Pass­ing bud­get may re­quire bi­par­ti­san ef­fort

Use of re­serve would need GOP sup­port

Stamford Advocate - - News/From The Front Page - By Keith M. Pha­neuf

151-mem­ber House is 76 votes, a sim­ple ma­jor­ity. The same is true in the Se­nate, where 19 out of 36 votes are nec­es­sary.

House Speaker Joe Ares­i­mow­icz, D-Ber­lin, says Democrats, who con­trolled 80 seats en­ter­ing Tues­day’s elec­tion, pushed their ma­jor­ity to 92.

Ac­cord­ing to Se­nate Pres­i­dent Pro Tem Mar­tin M. Looney, D-New Haven, the Se­nate — which cur­rently is split 18-18 — now breaks down 24-12 to the Democrats’ ad­van­tage.

If all that’s needed to bal­ance the bud­get is a sim­ple ma­jor­ity, Democrats could sus­tain de­fec­tions in both cham­bers and still craft the next state spend­ing plan by them­selves.

But there’s this small hitch — the deficit.

Ac­cord­ing to the Leg­is­la­ture’s non­par­ti­san Of­fice of Fis­cal Anal­y­sis, state fi­nances — un­less ad­justed — will run 10.5 per­cent or $2 bil­lion in deficit in the first new fis­cal year af­ter the elec­tion.

By the sec­ond year of the next bi­en­nium, the po­ten­tial gap hits 12 per­cent or $2.4 bil­lion.

Tra­di­tion­ally, the first place leg­is­la­tures have turned when fac­ing multi­bil­lion-dol­lar short­falls is the emer­gency re­serve, com­monly known as the “rainy day fund” — provid- ed it holds any money.

Con­necti­cut cur­rently has $1.2 bil­lion socked away. And while Gov.-elect Ned La­mont has said he doesn’t plan to tap those funds, law­mak­ers from both par­ties have said pri­vately the new gover­nor has al­most no chance of keep­ing the leg­is­la­ture from tap­ping those funds.

Comptroller Kevin P. Lembo is pro­ject­ing the cur­rent bud­get will close with a $170 mil­lion sur­plus, and that also could be used to mit­i­gate the im­pend­ing deficit.

But even if a $4.4 bil­lion, two-year deficit is re­duced to $3 bil­lion by emp­ty­ing the rainy day fund and this year’s sur­plus, that smaller po­ten­tial gap — equal to roughly $1.5 bil­lion per year — still is large enough to force ma­jor spend­ing cuts, tax in­creases, or both.

There’s one more piggy bank leg­is­la­tors could break into, but that’s when the sec­ond vari­able — the new rule to pro­mote sav­ings — comes into play.

Leg­is­la­tors voted last Novem­ber, by a large, bi­par­ti­san mar­gin, to cre­ate what has be­come known as the “volatil­ity cap.”

It re­quires the state to save, rather than spend, any in­come tax re­ceipts from quar­terly fil­ings — which are de­rived chiefly from cap­i­tal gains and other in­vest­ment earn­ings — in ex­cess of $3.1 bil­lion per year.

This seg­ment of the state tax stream tends to surge rapidly in good times and shrink dras­ti­cally in bad times. The volatil­ity cap is in place to stop the state from spend­ing too much of th­ese rev­enue surges on new pro­grams — only to find the surge has van­ished, and the pro­gram must go on with­out it, a year or two later.

Con­necti­cut has an­other $648 mil­lion in this volatil­ity cap piggy bank, but law­mak­ers can­not crack it open un­til the end of next Septem­ber — three months af­ter the fis­cal year has ended — when Lembo’s of­fice com­pletes its au­dit of the 2018-19 fis­cal year.

If this money could be ap­plied to the deficit, the po­ten­tial bi­en­nial short­fall would fall to $2.4 bil­lion, or $1.2 bil­lion per year.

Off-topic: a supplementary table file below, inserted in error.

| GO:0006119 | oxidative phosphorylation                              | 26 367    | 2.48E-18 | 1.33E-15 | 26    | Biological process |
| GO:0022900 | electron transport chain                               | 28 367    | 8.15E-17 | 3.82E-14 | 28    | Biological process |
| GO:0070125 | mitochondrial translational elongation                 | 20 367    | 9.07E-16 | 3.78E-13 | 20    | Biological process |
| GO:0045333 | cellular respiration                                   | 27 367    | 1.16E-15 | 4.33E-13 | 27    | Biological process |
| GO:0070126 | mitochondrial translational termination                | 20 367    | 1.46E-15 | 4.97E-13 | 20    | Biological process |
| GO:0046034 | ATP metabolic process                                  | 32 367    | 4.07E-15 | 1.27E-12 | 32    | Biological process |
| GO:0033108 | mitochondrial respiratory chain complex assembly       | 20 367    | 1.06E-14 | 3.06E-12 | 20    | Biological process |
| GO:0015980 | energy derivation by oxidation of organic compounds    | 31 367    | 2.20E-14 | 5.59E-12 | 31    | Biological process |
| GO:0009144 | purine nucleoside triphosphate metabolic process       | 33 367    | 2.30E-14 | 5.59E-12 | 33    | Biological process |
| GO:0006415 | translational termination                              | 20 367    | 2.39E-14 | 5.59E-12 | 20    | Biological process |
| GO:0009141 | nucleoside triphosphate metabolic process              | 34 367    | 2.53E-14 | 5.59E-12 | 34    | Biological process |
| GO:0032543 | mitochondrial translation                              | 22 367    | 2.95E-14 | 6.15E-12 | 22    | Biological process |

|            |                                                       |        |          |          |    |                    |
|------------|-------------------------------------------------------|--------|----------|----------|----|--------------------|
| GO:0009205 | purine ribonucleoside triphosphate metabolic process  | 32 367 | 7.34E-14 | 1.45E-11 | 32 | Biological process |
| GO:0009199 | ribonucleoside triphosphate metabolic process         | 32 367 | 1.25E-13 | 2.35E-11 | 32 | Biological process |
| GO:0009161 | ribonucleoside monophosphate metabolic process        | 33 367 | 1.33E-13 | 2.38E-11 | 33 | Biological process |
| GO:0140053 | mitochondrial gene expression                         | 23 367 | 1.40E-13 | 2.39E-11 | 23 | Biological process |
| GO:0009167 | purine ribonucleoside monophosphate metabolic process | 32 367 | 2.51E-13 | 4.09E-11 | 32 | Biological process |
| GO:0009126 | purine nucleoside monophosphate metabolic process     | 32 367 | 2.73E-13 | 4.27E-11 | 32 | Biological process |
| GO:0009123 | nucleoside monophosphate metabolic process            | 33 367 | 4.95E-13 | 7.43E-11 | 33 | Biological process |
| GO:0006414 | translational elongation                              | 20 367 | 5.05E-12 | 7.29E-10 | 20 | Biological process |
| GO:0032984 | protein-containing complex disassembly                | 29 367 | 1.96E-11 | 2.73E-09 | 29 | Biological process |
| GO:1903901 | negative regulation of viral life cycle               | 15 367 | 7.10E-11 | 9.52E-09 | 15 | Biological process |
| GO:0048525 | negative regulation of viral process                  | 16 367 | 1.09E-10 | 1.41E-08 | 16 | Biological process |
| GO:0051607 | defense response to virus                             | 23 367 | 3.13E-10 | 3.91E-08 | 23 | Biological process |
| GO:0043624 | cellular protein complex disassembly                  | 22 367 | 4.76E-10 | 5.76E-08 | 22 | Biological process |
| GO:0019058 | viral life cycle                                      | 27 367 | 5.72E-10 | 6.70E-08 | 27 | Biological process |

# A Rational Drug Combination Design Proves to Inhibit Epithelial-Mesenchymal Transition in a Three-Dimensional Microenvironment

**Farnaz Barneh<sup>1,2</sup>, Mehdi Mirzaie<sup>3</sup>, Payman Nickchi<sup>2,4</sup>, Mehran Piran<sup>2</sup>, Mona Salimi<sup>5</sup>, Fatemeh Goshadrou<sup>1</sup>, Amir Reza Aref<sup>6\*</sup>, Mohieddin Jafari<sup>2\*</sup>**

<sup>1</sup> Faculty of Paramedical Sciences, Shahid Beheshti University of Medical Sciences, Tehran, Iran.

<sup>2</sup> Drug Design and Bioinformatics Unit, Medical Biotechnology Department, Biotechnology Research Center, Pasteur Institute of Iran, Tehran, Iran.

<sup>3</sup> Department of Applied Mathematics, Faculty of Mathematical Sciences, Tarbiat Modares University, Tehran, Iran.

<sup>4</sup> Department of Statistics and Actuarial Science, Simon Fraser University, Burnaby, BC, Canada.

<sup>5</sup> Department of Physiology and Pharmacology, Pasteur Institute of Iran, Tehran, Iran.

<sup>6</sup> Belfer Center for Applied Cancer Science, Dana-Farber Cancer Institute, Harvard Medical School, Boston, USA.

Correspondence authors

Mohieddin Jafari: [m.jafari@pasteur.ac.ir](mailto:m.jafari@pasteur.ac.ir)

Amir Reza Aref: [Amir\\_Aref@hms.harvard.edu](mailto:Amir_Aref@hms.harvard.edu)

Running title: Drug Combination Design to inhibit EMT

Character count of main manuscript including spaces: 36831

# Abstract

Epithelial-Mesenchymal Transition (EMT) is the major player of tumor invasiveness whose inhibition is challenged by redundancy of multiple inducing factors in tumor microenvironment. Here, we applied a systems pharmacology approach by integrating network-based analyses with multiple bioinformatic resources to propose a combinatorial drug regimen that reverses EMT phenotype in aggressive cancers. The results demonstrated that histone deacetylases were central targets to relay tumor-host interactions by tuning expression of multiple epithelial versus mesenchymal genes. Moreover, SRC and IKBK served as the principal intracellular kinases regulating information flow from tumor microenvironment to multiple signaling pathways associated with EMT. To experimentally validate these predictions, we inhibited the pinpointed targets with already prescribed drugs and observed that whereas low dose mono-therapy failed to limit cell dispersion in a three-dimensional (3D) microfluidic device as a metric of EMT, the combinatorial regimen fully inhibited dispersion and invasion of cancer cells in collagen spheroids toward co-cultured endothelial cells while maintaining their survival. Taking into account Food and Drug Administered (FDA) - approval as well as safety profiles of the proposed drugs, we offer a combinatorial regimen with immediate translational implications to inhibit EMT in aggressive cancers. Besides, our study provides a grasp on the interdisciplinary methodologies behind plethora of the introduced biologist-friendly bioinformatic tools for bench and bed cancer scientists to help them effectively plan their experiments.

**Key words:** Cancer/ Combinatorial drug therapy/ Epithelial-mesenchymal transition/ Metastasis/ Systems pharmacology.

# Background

That’s still high. But com­ing off an elec­tion sea­son in which all gu­ber­na­to­rial can­di­dates an­nounced plans for ma­jor tax cuts, re­duc­ing the po­ten­tial bud­get pain of­ten is top pri­or­ity.

And there is a loop­hole in the volatil­ity cap rules that al­lows leg­is­la­tors to tap the funds early. This can be done only if:

•The gover­nor signs a dec­la­ra­tion of fis­cal ex­i­gency, which is essen­tially a bud­get emer­gency.

•And if 60 per­cent of both the House and Se­nate agree.

To achieve a 60 per­cent en­dorse­ment, that means 91 votes in the House and 22 in the Se­nate. And now the Democrats’ new ma­jori­ties — 92-59 in the House and 24-12 in the Se­nate — ap­pear much slim­mer.

If a few mod­er­ate or con­ser­va­tive Democrats don’t like a pro­posed bud­get, or if the party’s most lib­eral wing ob­jects, then Democrats might need Repub­li­can votes to get a bud­get done.

Even with­out the volatil­ity cap, nei­ther party could as­sem­ble enough votes alone in 2017 to pass a bud­get that Gov. Dan­nel P. Mal­loy would sign. It took a nine-month de­bate be­fore the two par­ties set­tled on a bud­get com­pro­mise last year.

Demo­cratic leg­isla­tive lead­ers opted Wed­nes­day not too look too far ahead. But both Ares­i­mow­icz and Looney said the prospect of an­other bi­par­ti­san bud­get de­bate was real — but not nec­es­sar­ily scary.

“When you close your mind to other peo­ple’s ideas, you’re do­ing the en­tire state a dis­ser­vice,” Ares­i­mow­icz said. “… We know that act­ing to­gether, tak­ing the “D” for Demo­crat off and the “R” for Repub­li­can, we get bet­ter re­sults,” Ares­i­mow­icz said

“It’s too soon to say how this might work out,” Looney said. “That is an is­sue we’ll have to look at.”

When asked two days be­fore the elec­tion about the prospect of need­ing an­other bi­par­ti­san com­pro­mise to solve the im­pend­ing deficit, the top Repub­li­cans in the leg­is­la­ture said, if nec­es­sary, it cer­tainly could be done.

“We can al­ways do a bi­par­ti­san bud­get,” Se­nate Repub­li­can leader Len Fasano of North Haven said. “Look at what we did” in 2017. “We could cer­tainly do it again.”

“I think you al­ways have to be open to com­pro­mise,” said House Mi­nor­ity Leader Themis Klar­ides, RDerby. “Ev­ery­one has to put out their own vi­sion for the bud­get, but then we cer­tainly could try to work to­gether.”

Michael Cummo / Hearst Con­necti­cut Me­dia

Joe Ares­i­mow­icz, DBer­lin, speaker of the state House of Rep­re­sen­ta­tives.

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